If you’re on the larger side, exercise is tremendously important. It will help you lose weight, which is fundamental to what we’re talking about here, but it will also grant you some other health benefits. It will release endorphins and hormones that will elevate your mood and energise you; it will boost your confidence as you realise what you are capable of achieving; and it will increase your blood flow, bringing with it a host of other perks.
But where do you begin?
Choose the type of training you want to begin- this list should provide you with everything you need to know to do this- then simply sign up to whatever club or gym you need (or find an appropriate park or outside space) and get started.
Starting a Training Program When You’re Obese
Number one: safety is key. This needs to be the alpha and omega, beginning and end, to your exercise mantra.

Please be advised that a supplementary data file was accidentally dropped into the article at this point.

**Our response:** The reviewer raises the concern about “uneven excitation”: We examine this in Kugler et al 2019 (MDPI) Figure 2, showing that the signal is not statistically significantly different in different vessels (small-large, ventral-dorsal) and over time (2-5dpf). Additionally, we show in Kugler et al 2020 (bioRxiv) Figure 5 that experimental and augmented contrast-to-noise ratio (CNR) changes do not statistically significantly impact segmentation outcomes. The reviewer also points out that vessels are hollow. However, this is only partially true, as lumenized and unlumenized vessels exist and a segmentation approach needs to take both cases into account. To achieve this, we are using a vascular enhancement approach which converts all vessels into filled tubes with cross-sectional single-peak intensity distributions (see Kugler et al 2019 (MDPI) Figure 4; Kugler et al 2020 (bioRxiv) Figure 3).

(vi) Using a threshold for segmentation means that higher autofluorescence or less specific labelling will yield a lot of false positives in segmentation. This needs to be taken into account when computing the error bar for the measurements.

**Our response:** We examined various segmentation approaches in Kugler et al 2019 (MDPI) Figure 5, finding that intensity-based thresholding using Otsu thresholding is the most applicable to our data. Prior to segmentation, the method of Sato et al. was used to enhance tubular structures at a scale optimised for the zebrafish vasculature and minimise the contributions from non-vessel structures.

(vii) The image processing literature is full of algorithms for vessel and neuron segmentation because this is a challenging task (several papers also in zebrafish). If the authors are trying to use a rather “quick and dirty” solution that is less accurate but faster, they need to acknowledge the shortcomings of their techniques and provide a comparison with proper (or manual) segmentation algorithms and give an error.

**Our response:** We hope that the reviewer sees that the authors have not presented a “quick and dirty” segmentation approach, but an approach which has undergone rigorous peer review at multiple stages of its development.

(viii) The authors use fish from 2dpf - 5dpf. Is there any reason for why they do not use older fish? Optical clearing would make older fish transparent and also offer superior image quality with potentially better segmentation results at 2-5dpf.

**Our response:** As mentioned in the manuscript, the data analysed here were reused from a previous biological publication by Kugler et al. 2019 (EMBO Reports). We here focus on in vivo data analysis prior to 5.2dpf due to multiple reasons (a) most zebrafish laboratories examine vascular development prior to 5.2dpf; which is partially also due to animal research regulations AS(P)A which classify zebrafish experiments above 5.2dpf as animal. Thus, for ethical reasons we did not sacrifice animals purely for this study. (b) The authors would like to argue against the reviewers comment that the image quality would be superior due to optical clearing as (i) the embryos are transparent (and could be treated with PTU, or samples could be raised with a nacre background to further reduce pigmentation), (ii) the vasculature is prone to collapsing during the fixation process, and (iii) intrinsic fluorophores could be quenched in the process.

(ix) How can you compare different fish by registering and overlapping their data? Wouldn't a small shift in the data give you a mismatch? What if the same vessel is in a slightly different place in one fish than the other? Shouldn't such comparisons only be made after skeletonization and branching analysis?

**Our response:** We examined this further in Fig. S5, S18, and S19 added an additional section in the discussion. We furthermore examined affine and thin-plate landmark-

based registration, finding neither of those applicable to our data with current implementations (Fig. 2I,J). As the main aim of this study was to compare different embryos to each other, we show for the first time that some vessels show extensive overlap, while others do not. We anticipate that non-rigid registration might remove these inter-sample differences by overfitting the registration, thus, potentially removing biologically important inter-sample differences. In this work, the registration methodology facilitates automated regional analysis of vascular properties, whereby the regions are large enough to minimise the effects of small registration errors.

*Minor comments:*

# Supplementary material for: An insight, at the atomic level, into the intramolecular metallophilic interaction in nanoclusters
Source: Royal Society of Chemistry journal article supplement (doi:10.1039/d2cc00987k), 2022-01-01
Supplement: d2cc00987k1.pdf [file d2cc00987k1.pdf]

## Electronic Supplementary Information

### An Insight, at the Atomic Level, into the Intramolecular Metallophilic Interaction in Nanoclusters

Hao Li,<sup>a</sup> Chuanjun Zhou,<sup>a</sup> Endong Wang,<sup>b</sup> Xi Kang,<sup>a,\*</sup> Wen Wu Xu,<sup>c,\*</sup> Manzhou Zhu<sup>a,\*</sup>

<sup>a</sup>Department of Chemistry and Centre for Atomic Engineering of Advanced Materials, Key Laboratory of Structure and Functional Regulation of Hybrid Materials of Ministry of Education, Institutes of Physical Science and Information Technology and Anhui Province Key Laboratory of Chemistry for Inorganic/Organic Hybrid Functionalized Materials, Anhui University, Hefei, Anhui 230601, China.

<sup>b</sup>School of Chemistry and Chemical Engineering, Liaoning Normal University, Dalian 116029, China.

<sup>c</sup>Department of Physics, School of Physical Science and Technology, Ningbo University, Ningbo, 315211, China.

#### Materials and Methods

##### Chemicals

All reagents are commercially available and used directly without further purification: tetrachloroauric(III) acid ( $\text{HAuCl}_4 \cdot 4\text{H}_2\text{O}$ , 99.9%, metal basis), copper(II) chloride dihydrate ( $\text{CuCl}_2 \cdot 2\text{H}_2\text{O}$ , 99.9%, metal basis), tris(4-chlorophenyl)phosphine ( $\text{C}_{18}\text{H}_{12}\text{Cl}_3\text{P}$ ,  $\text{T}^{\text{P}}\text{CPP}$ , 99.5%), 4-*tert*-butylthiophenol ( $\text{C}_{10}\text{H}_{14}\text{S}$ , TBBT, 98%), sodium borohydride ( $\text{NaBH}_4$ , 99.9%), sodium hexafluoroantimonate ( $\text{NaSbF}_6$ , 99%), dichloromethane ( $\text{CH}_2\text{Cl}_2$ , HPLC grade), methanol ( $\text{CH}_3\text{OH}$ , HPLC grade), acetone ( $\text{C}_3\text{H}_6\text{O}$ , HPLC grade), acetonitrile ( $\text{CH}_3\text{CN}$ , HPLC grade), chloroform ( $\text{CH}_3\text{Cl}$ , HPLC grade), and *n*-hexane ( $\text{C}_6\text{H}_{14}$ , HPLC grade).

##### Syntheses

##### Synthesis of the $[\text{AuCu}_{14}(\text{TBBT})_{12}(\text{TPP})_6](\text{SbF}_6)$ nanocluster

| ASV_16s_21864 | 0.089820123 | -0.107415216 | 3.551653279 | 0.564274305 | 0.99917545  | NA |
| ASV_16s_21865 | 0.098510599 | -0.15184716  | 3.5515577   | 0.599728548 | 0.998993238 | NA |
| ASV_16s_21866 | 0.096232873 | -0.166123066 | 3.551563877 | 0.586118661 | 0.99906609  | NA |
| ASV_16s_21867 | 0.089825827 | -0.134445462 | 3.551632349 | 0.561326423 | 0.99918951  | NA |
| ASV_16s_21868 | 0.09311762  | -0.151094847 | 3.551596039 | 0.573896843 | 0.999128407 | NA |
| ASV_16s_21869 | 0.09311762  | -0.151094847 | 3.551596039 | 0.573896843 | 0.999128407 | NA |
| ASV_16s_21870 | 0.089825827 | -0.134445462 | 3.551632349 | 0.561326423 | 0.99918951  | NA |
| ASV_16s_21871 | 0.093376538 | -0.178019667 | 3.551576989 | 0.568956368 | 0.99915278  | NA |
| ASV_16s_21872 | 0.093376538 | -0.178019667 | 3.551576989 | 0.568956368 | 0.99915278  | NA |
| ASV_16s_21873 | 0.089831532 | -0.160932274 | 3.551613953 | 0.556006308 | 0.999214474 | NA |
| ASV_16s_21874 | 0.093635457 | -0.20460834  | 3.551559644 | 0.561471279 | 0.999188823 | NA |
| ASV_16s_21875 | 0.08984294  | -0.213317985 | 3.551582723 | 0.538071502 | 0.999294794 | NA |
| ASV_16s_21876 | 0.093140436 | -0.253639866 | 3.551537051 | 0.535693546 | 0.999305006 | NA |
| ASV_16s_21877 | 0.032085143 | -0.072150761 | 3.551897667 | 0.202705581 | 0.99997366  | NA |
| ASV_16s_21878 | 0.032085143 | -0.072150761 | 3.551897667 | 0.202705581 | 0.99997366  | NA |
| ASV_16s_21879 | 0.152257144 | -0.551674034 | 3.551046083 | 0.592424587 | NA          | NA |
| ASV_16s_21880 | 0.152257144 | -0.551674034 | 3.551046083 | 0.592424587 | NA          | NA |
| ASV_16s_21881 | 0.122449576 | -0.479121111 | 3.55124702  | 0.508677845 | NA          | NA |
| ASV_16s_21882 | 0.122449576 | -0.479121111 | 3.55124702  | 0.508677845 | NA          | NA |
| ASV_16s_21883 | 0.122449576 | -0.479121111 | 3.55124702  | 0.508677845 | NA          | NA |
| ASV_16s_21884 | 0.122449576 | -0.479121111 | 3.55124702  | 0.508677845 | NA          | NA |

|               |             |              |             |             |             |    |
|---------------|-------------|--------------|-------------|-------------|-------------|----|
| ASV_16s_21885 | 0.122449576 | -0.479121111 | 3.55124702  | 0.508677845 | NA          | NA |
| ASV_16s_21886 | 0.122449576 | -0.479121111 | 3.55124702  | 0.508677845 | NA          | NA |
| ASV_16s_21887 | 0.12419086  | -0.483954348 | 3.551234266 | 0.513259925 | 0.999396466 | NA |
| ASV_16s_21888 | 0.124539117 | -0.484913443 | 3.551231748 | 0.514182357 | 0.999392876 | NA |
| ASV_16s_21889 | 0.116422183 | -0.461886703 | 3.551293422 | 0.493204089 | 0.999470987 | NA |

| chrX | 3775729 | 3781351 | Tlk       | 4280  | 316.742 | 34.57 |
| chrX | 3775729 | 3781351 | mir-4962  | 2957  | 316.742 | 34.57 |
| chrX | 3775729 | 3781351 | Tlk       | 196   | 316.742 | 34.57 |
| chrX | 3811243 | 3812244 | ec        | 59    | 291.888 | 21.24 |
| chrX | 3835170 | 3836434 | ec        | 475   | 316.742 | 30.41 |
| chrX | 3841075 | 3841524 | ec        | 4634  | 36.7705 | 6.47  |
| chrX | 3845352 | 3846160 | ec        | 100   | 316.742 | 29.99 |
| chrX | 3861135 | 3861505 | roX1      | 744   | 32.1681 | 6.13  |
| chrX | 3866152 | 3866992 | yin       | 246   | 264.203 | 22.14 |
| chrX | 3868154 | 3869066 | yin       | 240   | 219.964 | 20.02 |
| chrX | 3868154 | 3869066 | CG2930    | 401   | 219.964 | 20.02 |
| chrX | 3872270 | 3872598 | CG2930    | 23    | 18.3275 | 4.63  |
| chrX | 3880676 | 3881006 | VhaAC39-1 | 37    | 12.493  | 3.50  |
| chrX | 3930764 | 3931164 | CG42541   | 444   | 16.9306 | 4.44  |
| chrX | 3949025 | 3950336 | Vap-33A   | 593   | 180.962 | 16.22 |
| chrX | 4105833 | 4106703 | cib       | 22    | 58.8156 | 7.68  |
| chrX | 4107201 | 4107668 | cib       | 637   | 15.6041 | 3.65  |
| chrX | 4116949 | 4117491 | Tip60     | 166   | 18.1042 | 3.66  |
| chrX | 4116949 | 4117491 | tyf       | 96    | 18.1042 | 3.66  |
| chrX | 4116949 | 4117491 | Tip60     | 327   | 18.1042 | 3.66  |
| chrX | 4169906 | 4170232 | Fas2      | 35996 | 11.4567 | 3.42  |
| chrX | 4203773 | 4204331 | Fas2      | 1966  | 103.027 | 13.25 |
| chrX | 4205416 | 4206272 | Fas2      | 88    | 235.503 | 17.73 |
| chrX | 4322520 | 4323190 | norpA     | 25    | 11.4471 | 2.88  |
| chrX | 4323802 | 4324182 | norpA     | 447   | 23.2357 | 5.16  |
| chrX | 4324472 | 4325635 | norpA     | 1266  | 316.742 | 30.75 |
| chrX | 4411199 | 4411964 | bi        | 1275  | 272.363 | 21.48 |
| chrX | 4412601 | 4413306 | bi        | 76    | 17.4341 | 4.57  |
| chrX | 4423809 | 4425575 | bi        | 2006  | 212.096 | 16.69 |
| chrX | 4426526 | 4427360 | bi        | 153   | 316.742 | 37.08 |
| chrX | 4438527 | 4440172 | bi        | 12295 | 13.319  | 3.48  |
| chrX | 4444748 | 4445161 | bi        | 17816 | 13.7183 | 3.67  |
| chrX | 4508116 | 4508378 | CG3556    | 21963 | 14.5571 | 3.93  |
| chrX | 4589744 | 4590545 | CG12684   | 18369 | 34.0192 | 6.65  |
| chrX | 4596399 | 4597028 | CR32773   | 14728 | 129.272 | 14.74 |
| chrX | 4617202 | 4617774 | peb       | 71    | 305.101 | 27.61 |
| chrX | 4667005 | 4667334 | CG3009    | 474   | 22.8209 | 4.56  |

Before you start any kind of exercise program, consult a qualified healthcare practitioner. Check that you are healthy enough to do what you are planning to do and have them run any tests they feel are pertinent. Tell them what medications you’re on, if any, and what your nutrition plan is. Get their professional opinion as to what you are capable of doing and take their advice to heart.
Next up, make sure you are well kitted out. Appropriate sportswear will make or break a training routine, and this is all the more true for obese people. Get comfortable, well supported footwear alongside whatever joint straps or insoles you feel you need. Visit a local shoe shop and try before you buy- any reputable sports or running shop will be able to advise you on the best kit for your budget.
Then you will want to get loose fitting, comfortable clothing. I would generally choose cheaper options if they are comfortable- hopefully you won’t be using the clothes for too long before you buy new, smaller wardrobes, so there’s no point breaking the bank.
Finally, choose your poison: what form of exercise most appeals to you? Read on for my list of recommended training.
Exercise for obese people
You do not need to do much. The chances are that if you’re obese, you are relatively untrained. Therefore, anything you do from this point onwards is more than you were doing before and will bring adaptation.